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Currency manager Record eyes US investors as key to future growth

It has been a tough few years for currency managers, no less so for Record Currency Management, one of the pioneers of this sector.

Earlier this month, it announced that management fees fell £20.4 million, a decline of 27% on the previous year, and its executives took a pay cut, as investment mandates declined. Since 2010, its client numbers have more than halved, but there are signs of the green shoots of growth, argues the company’s chief executive James Wood-Collins.

He says Record’s strategy mix provides some pleasing prospects for growth. A blending of passive and active currency management strategies, or, if preferred, taken separately, are finding new markets in Europe and the US.

On the passive hedging side, he says the number of mandates with Swiss clients was up 50% in the 12 months ended March. This has largely been driven by concerns from Swiss asset managers about the concentration of counterparty risk, and a move away from their use of custodians, he adds.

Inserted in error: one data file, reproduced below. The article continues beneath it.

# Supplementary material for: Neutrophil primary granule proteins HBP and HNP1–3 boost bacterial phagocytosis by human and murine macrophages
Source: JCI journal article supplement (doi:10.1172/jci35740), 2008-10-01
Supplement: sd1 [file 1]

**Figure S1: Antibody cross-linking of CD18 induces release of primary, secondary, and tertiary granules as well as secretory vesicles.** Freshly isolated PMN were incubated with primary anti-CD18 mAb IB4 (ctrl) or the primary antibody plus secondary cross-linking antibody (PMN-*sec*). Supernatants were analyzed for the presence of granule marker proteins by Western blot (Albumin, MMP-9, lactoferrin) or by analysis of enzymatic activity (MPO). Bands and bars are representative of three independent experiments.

At the same time, its active hedging strategies are gaining interest among US investors.

“The US is a potentially transformational market, and we’re looking for tangible signs of progress this year,” says Wood-Collins.

US investors have in recent years run unhedged currency exposures on the offshore portfolios in the belief the US dollar was in a cyclical decline. That consensus view is now changing, adds Wood-Collins.

Furthermore, the US market is the elephant in the room for Record, as more US asset managers look to diversify beyond the US, in what he calls a “secular shift in global asset allocation”.

Potential mandates are likely to consist of a combination of hedging opportunities and return-seeking strategies.

“It’s about understanding the client’s tolerance for tracking error against their benchmark and for taking risk in expectation of returns and then constructing a package of strategies that has both active and passive elements,” says Wood-Collins.

Record is hoping to also benefit this year from reaching a three-year threshold for some of its newer return-seeking strategies, in particular in emerging markets (EM), which is likely to spur more interest from clients and asset consultants.

A three-year track record is often seen as a requirement for an investment proposition to be tried and tested.

“Whilst initial allocations will likely be modest, we are hopeful of these growing more strongly over time,” says Wood-Collins.

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